After a five-year absence Detective Inspector John Rebus of Edinburgh CID returned to duty yesterday.
The ageing music lover who likes a drink (to put it mildly) made his comeback in Standing in Another Man's Grave, the first new Rebus novel since Exit Music in 2007. His creator Ian Rankin marked publication by signing copies at Waterstone's in Kirkcaldy.
The book is likely to be something of a Godsend for booksellers in the run-up to Christmas given the online competition.
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"Increasingly the book trade is driven by big brands and it helps the trade when big brands come out with big books," Tom Tivnan, features editor of trade magazine The Bookseller, said. "A new Rebus book is a real boon for booksellers and the trade in general. He's one of the biggest selling authors of all time."
Rankin was last year named as the 18th most valuable author since records began, some way behind the likes of JK Rowling and Jamie Oliver, but still worth an impressive £48.7 million. And that was before the new Rebus appeared.
Mr Tivnan added: "In two weeks' time he'll be one of only 16 authors to have hit the £50m mark. The last two books with the Malcolm Fox character haven't done as well as Rebus but you'd expect that with a new character."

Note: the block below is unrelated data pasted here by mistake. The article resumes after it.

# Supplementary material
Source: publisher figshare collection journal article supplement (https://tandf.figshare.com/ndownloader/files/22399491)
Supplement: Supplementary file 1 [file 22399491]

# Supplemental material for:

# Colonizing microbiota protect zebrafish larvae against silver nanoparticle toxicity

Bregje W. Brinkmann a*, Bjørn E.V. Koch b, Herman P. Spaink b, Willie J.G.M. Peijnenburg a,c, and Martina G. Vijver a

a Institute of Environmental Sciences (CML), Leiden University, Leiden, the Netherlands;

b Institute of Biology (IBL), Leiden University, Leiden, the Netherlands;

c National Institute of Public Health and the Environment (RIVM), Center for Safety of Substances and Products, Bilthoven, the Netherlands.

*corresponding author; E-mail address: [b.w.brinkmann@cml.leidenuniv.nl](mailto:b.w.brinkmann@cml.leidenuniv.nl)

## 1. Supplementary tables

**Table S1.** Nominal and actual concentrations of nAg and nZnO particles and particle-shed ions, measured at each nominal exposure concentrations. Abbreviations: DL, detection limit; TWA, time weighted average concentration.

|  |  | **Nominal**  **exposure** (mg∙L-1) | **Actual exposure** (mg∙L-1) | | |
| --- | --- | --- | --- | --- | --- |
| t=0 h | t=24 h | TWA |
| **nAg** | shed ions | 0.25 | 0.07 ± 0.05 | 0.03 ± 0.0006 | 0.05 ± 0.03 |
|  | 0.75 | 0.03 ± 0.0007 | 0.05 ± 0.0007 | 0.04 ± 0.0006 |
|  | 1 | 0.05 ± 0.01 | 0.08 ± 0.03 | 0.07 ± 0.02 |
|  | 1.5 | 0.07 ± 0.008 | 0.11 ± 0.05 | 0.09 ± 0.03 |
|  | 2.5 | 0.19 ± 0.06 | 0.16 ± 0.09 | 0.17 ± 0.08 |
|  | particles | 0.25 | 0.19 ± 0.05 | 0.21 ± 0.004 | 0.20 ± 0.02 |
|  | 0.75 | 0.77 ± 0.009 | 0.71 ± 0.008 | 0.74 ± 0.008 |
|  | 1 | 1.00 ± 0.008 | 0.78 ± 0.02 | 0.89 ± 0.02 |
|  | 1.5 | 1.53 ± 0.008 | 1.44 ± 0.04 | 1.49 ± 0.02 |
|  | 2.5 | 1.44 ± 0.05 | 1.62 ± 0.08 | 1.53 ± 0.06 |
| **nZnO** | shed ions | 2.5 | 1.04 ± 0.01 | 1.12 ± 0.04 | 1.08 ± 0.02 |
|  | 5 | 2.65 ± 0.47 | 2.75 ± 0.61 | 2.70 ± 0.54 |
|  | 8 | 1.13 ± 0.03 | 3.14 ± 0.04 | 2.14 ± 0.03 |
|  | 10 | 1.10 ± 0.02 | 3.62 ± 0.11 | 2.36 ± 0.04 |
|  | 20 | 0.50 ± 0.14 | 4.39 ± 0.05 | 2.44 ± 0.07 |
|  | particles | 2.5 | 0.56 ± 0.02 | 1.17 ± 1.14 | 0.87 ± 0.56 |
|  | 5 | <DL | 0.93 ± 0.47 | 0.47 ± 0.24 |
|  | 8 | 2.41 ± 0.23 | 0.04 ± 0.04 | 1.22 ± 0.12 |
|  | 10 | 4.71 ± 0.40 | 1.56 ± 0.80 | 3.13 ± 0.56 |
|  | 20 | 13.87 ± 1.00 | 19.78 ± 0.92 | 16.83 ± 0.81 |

The new Rebus book is also a reminder that Rankin was one of the pioneers of Scottish crime fiction. While William McIlvanney beat him to the punch with his Laidlaw books in the late seventies and early eighties, the success of Rankin's books – which were adapted for TV not once but twice, with Ken Stott and John Hannah playing Rebus – proved that Scottish crime fiction could find an audience in Britain and the world.
Doug Johnstone, author of Hit and Run, said: "Ian is a simply brilliant writer, a very generous person and an all-round legend, frankly. With the Rebus books, he paved the way for a whole generation of writers.
"You'll learn more about life from one Rebus book than from 100 middle-class, dinner-party literary bore-a-thons."